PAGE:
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Publication numberUS3894898 A
Publication typeGrant
Publication dateJul 15, 1975
Filing dateJan 23, 1973
Priority dateMay 28, 1971
Publication numberUS 3894898 A, US 3894898A, US-A-3894898, US3894898 A, US3894898A
InventorsTaylor Louis N
Original AssigneeTaylor Louis N
Export CitationBiBTeX, EndNote, RefMan
External Links: USPTO, USPTO Assignment, Espacenet
Patterned composite material
US 3894898 A
Abstract
A method for manufacturing decorative material comprising the steps of positioning a base material, stretching a plurality of elastic members and placing and securing the stretched elastic members in a spaced relationship to each other on the base material. The stretched elastic members are allowed to relax causing the front of the base material to gather. The gathered composite material is then pressed under pressure. The composite fabric manufactured by the above-disclosed method has a specific contoured pattern in which the areas of the material opposite the applied elastic members are gathered in a wrinkled configuration and the areas adjacent to the elastic members are slightly depressed from the plane of the gathered areas.
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Description  (OCR text may contain errors)

United States Patent 11 1 Taylor PATTERNED COMPOSITE MATERIAL [76] Inventor: Louis N. Taylor, 1035 NE. 176 St.,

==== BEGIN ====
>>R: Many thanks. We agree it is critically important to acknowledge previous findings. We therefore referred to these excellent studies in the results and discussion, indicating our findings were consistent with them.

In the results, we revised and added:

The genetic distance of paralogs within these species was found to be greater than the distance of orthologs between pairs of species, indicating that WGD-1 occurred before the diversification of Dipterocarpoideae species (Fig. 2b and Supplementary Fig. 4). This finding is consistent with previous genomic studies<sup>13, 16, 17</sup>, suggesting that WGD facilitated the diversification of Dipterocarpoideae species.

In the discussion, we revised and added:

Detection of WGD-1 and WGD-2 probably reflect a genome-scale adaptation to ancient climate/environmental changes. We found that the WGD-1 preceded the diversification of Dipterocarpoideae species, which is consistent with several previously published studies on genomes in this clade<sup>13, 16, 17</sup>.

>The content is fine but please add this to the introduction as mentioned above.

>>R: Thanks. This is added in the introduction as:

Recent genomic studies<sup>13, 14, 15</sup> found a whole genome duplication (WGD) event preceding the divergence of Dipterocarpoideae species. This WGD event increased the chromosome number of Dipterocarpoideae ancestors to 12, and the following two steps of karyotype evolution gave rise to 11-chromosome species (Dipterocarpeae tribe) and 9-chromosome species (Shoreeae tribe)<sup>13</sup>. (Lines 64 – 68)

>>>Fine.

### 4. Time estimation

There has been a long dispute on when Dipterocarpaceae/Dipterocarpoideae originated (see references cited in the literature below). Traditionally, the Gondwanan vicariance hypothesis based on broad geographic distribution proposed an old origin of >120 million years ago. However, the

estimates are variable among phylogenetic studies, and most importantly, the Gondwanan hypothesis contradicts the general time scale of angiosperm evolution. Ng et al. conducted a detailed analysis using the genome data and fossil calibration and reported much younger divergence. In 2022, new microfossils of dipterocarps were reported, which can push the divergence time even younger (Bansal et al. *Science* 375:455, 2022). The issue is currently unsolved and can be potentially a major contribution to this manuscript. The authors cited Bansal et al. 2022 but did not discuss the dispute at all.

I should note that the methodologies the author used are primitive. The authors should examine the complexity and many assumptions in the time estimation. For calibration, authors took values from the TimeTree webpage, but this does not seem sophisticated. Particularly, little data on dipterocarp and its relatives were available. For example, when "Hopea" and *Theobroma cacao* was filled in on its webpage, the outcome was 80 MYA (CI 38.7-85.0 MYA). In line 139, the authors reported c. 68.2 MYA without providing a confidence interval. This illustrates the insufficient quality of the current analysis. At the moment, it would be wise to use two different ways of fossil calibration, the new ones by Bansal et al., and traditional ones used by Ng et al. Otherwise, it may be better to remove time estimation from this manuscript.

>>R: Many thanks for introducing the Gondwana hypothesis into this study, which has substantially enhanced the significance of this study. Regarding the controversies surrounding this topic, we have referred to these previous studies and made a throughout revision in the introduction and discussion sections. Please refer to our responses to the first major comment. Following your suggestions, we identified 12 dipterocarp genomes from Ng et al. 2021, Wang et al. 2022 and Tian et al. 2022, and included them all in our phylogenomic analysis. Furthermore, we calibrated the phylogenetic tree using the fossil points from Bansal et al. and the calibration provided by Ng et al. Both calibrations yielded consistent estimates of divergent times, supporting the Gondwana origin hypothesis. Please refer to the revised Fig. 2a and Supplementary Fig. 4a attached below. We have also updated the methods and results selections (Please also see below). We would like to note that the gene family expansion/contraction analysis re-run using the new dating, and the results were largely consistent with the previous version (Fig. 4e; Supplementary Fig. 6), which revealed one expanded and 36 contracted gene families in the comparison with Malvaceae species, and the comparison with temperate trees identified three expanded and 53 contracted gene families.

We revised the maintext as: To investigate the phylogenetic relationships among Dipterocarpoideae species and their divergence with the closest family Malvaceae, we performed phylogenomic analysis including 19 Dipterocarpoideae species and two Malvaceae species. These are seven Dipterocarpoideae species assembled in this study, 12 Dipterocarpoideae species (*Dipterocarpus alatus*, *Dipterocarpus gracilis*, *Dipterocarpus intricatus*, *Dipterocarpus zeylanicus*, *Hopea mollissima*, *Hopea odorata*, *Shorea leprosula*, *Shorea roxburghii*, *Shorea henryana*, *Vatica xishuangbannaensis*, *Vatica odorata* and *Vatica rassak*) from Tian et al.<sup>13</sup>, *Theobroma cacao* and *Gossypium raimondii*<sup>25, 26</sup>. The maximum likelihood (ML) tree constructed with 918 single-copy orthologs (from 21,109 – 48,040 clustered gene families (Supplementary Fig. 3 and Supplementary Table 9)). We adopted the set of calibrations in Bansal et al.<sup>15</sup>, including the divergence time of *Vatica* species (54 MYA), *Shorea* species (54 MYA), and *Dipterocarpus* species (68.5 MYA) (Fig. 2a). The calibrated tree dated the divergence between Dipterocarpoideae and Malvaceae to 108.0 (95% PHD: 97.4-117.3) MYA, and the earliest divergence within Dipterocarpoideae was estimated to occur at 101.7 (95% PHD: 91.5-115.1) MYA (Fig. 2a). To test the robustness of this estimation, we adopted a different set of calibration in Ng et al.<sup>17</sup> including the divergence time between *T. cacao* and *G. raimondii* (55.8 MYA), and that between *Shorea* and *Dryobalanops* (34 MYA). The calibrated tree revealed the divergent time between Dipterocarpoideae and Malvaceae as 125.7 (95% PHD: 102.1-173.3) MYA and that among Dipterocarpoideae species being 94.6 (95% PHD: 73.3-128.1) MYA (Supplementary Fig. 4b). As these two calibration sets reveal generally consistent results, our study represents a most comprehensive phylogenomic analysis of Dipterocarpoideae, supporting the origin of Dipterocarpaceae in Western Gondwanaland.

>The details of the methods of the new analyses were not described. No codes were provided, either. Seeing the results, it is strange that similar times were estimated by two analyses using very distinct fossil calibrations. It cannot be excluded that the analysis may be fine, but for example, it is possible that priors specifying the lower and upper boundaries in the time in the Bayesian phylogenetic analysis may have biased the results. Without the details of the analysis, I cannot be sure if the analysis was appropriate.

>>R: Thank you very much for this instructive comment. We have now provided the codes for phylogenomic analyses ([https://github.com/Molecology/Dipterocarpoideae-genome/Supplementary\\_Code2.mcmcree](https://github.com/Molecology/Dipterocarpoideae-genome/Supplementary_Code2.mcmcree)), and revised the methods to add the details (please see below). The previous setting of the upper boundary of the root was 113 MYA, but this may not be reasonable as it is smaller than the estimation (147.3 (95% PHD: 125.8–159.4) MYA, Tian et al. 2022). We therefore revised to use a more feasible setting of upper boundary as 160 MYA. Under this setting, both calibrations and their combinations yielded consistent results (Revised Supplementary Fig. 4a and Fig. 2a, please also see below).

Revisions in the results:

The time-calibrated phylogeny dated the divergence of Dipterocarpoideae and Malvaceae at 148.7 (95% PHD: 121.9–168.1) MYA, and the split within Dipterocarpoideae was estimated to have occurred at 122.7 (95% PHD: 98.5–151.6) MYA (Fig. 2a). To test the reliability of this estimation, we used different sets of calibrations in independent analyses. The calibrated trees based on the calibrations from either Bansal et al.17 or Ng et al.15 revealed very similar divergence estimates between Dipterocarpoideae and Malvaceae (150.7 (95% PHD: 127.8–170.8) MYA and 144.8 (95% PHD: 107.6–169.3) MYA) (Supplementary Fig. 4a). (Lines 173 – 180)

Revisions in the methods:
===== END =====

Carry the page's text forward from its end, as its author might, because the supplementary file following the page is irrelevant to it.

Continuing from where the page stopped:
North Miami Beach, Fla. 33162 [22] Filed: Jan. 23, 1973 [21] Appl. No.: 326,005

Related 1.1.8. Application Data [62] Division of Ser. No. 148,111, May 28, 1971, Pat, No.

[52] US. Cl 156/163; 150/28 R; 156/183; 428/47; 428/174 [51] Int. Cl. B32b 3/06 [58] Field of Search 150/28 R, 32; 156/183,

9/1959 Maxey 156/163 2/1971 Butter 156/229 Primary Examiner-William E. Schulz [57] ABSTRACT A method for manufacturing decorative material comprising the steps of positioning a base material, stretching a plurality of elastic members and placing and securing the stretched elastic members in a spaced relationship to each other on the base material. The stretched elastic members are allowed to relax causing the front of the base material to gather. The gathered composite material is then pressed under pressure. The composite fabric manufactured by the above-disclosed method has a specific contoured pattern in which the areas of the material opposite the applied elastic members are gathered in a wrinkled configuration and the areas adjacent to the elastic members are slightly depressed from the plane of the gathered areas.

6 Claims, 5 Drawing Figures 1 PATTERNED COMPOSITE MATERIAL This is a division, of application Ser. No. 148,1 I l, filed May 28, 197l and now US. Pat. No. 3,728,203.

The present invention generally relates to a patterned composite material and more specifically to a novel and improved sculptured material and to the process for making it. The sculptured material of the invention has an unusual decorative pattern through a novel process which causes the material to take on an attractive gathered look. The novel process converts the surface of the material from a standard relatively planar surface to an irregular undulating, alternately raised and lowered surface, creating an attractive and unique appearance. The above-mentioned material is especially conducive to the manufacture of purses, in that the economical, decorative material is easily applied to the purse body to provide a handsome, contoured appearance.